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Florida Bans Delta-8, Puts THC Caps On Hemp-Derived Products

The measure says that the THC cannot exceed 5 milligrams per serving or 50 milligrams per package

The Florida Legislature has approved a bill to regulate hemp-derived products in the state and eliminate delta-8 THC, which is banned in 17 states and severely restricted in seven more — though it is a popular item sold in retail establishments and people have used it for chronic illnesses.

Both chambers approved the legislation last week.

The Florida Senate passed the measure (SB 1698), sponsored by Polk County Republican Colleen Burton, unanimously, 39-0. That vote came just a few hours after a more contested vote in the House, where it was approved on a 64-48 vote.

For the past two years, the Legislature has worked on attempting to regulate the amount of THC in hemp-derived products. THC is the main component in cannabis that provides the psychoactive or “high” effect. The measure also bans the sale of all delta-8 products, one of the most popular items sold in retail establishments throughout the state over the past four years. And it also prohibits businesses from possessing hemp extract products that are considered “attractive” to children.

[Read the five-part Talking Joints Memo series on synthetic cannabinoids in Massachusetts here]

The measure says that the THC cannot exceed 5 milligrams per serving or 50 milligrams per package. Burton and the sponsor of the measure in the House, Manatee County’s Tommy Gregory, had originally set the limits at 2 milligrams per serving and 10 milligrams per package, but Gregory amended the limits earlier this week after taking input from the hemp industry.

Yet many of those who work in the hemp business in Florida say that those slightly increased THC caps are not going to be sufficient in terms of sustaining their economic vitality.

Throughout the past two legislative sessions in Tallahassee, professionals in the hemp industry and individuals who say that they have received medical benefits from hemp-derived products have come faithfully to each and every committee meeting, stressing to state lawmakers not to make such changes.

In January, Tallahassee resident Kassie Stuart told lawmakers that she was diagnosed at the age of 17 with idiopathic genetic epilepsy, which can result in intense seizures. She said that nothing had helped her until she began using delta-8 THC nearly four years ago. Since she began using that product, she said she had gone from having a couple of seizures a day to suffering from only one or two a year.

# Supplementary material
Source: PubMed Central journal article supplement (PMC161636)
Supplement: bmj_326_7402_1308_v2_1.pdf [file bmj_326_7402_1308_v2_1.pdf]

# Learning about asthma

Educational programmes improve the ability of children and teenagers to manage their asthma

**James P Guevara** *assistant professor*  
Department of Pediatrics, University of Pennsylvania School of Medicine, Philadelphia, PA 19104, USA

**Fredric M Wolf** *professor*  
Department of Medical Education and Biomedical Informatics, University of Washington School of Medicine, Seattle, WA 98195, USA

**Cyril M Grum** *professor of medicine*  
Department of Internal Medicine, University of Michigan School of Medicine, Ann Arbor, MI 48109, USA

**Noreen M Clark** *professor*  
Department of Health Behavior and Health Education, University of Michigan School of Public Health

“I had my medical [marijuana] card for a little bit,” she said at the January meeting. “It was helping, but it wasn’t giving me the medical relief that I needed when I was introduced to delta-8 and it really helped me. I feel like if I’m ‘spazzy’ or ‘seizey’ or if I have a really bad headache, I can just hit my [vape] pen a couple of times or eat some edibles, and it goes away in a couple of minutes.”

But if the bill is signed by Gov. Ron DeSantis, delta-8 will be illegal in Florida on October 1.

According to the National Cannabis Industry Association, delta-8 THC is banned in 17 states and severely restricted in seven more.

In committee meetings leading into the regular 2024 legislative session, lawmakers also heard from health officials about how children have ingested such products, despite the 2023 law, at times leading them to go to the hospital.

And on the House floor on Wednesday, Gregory dismissed the concerns expressed by lawmakers after several of them said they had been besieged with thousands of emails from constituents that if the bill passes, they will have no choice but to go to drug dealers to get pain relief.

“That statement answers the question for you what these products are,” he said. “They’re drugs. They’re recreational drugs. And yes, if we say if you can’t buy them, and you’re a drug user, then sure, maybe you’ll go to a drug dealer. Maybe you’ll do the right thing and stop using drugs.”

Broward County Democrat Hillary Cassel said that the Legislature should not ignore the pleas from the public about how they will be deprived from receiving medical benefits from these products.

“It was the people,” she said. “It was the mothers. It was the people living with chronic illnesses. Cancer. Lupus. And the list goes on and on talking about how these products changed their lives.”

But GOP Rep. Joel Rudman, a Panhandle-based physician, said that it was important that the state needs to regulate — not ban— hemp-derived products.

“You could get Sushi at a gas station, but I certainly wouldn’t recommend it,” he said.

After the Legislature approved the measure on Wednesday, those in the hemp industry lamented the move.

“Today the Florida Legislature ignored the widespread opposition from the Florida hemp industry, consumers, and residents, and instead voted to ban safe, lawful products that many individuals seek to improve their quality of life,” said JJ Coombs, the co-founder and CEO of several Florida Hemp companies. “Passing a bill like this could force consumers to purchase products from the unregulated market. The Florida Legislature is well on its way to eliminating several beneficial hemp and CBD products, ending Florida’s hemp industry as we know it.”

This article was republished from the Florida Phoenix under Creative Commons license CC BY-NC-ND 4.0. You can read the original story here.